Nancy Wake, "the White Mouse" and the most decorated woman of the 1939-45 war, disliked people messing around with her life story. Small wonder. It was an extraordinary story and an extraordinary life.
Ms Wake, who has died in London just before her 99th birthday, was a New Zealander brought up in Australia. She became a nurse, a journalist who interviewed Adolf Hitler, a wealthy French socialite, a British agent and a French resistance leader. She led 7,000 guerrilla fighters in battles against the Nazis in the northern Auvergne, just before the D-Day landings in 1944. On one occasion, she strangled an SS sentry with her bare hands. On another, she cycled 500 miles to replace lost codes. In June 1944, she led her fighters in an attack on the Gestapo headquarters at Montlucon in central France.
Work began earlier this month on a feature film about Nancy Wake's life. Ms Wake, one of the models for Sebastian Faulks' fictional heroine, Charlotte Gray, had mixed feelings about previous cinematic efforts to portray her wartime exploits, including a TV mini-series made in 1987.
"It was well-acted but in parts it was extremely stupid," she said. "At one stage they had me cooking eggs and bacon to feed the men. For goodness' sake, did the Allies parachute me into France to fry eggs and bacon for the men? There wasn't an egg to be had for love nor money. Even if there had been why would I be frying it? I had men to do that sort of thing."
Ms Wake was also furious the TV series suggested she had had a love affair with one of her fellow fighters. She was too busy killing Nazis for amorous entanglements, she said.
Besides, until she led her men into Vichy, the headquarters of the pro-Nazi wartime French government, she believed that her French husband, Henri Fiocca, was still alive. She discovered in Vichy in August 1944 that Henri, a wealthy businessman, had been captured, tortured and executed by the Nazis in Marseille the previous year. He had, until the end, refused to give them any information about his wife, codenamed the White Mouse by the Germans.
Even before she escaped to Britain, through Spain, in 1943 to train as a guerrilla leader, Nancy had been top of the Gestapo's French "wanted" list. With her husband, she ran a resistance network which helped to smuggle Jews and allied airmen out of the country.
Her "invisibility", according to French colleagues, was partly explained by her gender and her beauty. The Germans could not believe that one of their chief opponents was a slender, pretty, dark-haired woman.
Nancy both used, and refused to hide behind, her femininity. In London, at the age of 31, she became one of 39 women, and 430 men, recruited into the French Section of the British Special Operations Executive. She was trained in guerrilla fighting techniques and parachuted back into France in April 1944.
Nancy recalled later in life that her parachute had snagged in a tree. The French resistance fighter who freed her said he wished all trees bore "such beautiful fruit". Nancy retorted: "Don't give me that French shit."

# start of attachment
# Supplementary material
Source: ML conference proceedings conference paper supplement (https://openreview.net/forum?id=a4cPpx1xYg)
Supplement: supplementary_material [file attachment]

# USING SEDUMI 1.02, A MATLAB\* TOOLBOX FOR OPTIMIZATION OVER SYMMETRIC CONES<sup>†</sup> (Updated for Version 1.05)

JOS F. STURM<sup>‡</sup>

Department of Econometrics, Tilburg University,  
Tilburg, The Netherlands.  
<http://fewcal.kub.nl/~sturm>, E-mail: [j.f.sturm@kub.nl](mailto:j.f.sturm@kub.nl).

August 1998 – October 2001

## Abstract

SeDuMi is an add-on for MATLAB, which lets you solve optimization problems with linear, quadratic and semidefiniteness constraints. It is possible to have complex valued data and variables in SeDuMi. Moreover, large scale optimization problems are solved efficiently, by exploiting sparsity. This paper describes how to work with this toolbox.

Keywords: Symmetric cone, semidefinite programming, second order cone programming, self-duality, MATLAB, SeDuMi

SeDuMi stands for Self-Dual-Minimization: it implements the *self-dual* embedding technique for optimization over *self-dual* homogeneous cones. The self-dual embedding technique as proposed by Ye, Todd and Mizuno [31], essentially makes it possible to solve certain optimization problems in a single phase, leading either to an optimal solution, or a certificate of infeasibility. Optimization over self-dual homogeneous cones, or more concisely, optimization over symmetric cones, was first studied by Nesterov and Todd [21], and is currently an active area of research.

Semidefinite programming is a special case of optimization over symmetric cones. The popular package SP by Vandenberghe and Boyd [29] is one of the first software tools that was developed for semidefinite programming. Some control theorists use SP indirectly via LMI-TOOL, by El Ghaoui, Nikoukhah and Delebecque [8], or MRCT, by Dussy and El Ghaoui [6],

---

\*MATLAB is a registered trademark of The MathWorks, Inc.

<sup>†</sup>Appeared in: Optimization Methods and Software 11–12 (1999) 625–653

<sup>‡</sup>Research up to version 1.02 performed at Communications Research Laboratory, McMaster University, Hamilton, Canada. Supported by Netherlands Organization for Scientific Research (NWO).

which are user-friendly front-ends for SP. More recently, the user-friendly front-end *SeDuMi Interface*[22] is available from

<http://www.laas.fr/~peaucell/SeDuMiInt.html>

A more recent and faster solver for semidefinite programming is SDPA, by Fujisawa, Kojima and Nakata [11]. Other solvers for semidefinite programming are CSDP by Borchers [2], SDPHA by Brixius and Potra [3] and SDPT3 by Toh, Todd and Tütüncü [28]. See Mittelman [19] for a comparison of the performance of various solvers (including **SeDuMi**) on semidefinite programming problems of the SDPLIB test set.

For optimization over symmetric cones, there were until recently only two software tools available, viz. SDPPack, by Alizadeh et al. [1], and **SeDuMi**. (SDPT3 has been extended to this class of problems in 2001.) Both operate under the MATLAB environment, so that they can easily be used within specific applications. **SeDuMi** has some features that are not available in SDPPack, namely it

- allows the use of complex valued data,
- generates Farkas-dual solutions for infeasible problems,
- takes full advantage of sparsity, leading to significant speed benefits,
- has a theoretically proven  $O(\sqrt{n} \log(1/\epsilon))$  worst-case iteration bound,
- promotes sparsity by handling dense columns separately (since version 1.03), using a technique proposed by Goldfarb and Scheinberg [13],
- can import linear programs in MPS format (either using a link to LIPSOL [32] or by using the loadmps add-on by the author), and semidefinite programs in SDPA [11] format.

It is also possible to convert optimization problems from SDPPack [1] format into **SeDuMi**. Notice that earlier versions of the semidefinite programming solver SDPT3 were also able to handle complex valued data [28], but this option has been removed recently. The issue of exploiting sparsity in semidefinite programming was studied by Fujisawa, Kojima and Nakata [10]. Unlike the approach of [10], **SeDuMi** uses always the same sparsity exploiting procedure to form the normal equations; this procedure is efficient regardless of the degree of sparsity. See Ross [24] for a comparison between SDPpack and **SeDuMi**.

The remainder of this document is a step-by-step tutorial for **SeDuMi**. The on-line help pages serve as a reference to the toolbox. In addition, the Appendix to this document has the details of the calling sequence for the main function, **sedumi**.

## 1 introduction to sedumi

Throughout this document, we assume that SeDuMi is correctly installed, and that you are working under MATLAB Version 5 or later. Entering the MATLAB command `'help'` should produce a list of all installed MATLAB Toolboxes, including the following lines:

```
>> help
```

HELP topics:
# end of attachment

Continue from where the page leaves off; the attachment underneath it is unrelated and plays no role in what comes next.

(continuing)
Nancy Grace Augusta Wake was born on 30 August, 1912, in Wellington, New Zealand, the youngest of a family of six. When she was two, her family moved to Australia but her journalist father soon abandoned the family and returned to New Zealand.
Nancy became a nurse. With a £200 bequest from an aunt, she travelled to New York, London and Paris. She studied journalism in London, worked for US newspapers in Europe and interviewed Hitler in 1933.
By the time war broke out in 1939, she was living a pampered life in Marseille with her first husband, Henri Fiocca. Both were among the earliest resistance leaders after France capitulated in June 1940 and the southern part of the country became a nominally independent, Nazi satellite.
After the war, Nancy briefly became a politician in Australia. She returned to Britain to work for British intelligence until 1957, when she married a former British fighter pilot, John Forward, and moved back to Australia. Four years after her second husband's death, in 1997, she returned to Britain and lived in The Star and Garter Home for veterans in Richmond, London. She never had children.
The Australian Prime Minister, Julia Gillard, said yesterday: "Nancy Wake was a woman of exceptional courage and resourcefulness whose daring exploits saved the lives of hundreds of Allied personnel and helped bring the Nazi occupation of France to an end."
Ms Wake's relationship with her adopted country was not always simple, however. Australia was one of the few allied countries which declined to decorate her after the war. Nancy refused later Australian honours on principle.
"I told the government they could stick their medals where the monkey puts it nuts," she said. She relented in 2004 and became a Companion of the Order of Australia. Her earlier honours included the George Medal from Britain for her leadership and bravery under fire; the Resistance Medal, Officer of the Légion d'Honneur and Croix de Guerre with two bronze palms and a silver star from France; and the Medal of Freedom from America.
Nancy Wake asked to be cremated privately. It is expected that her ashes will be scattered next spring in the hills near Montlucon.
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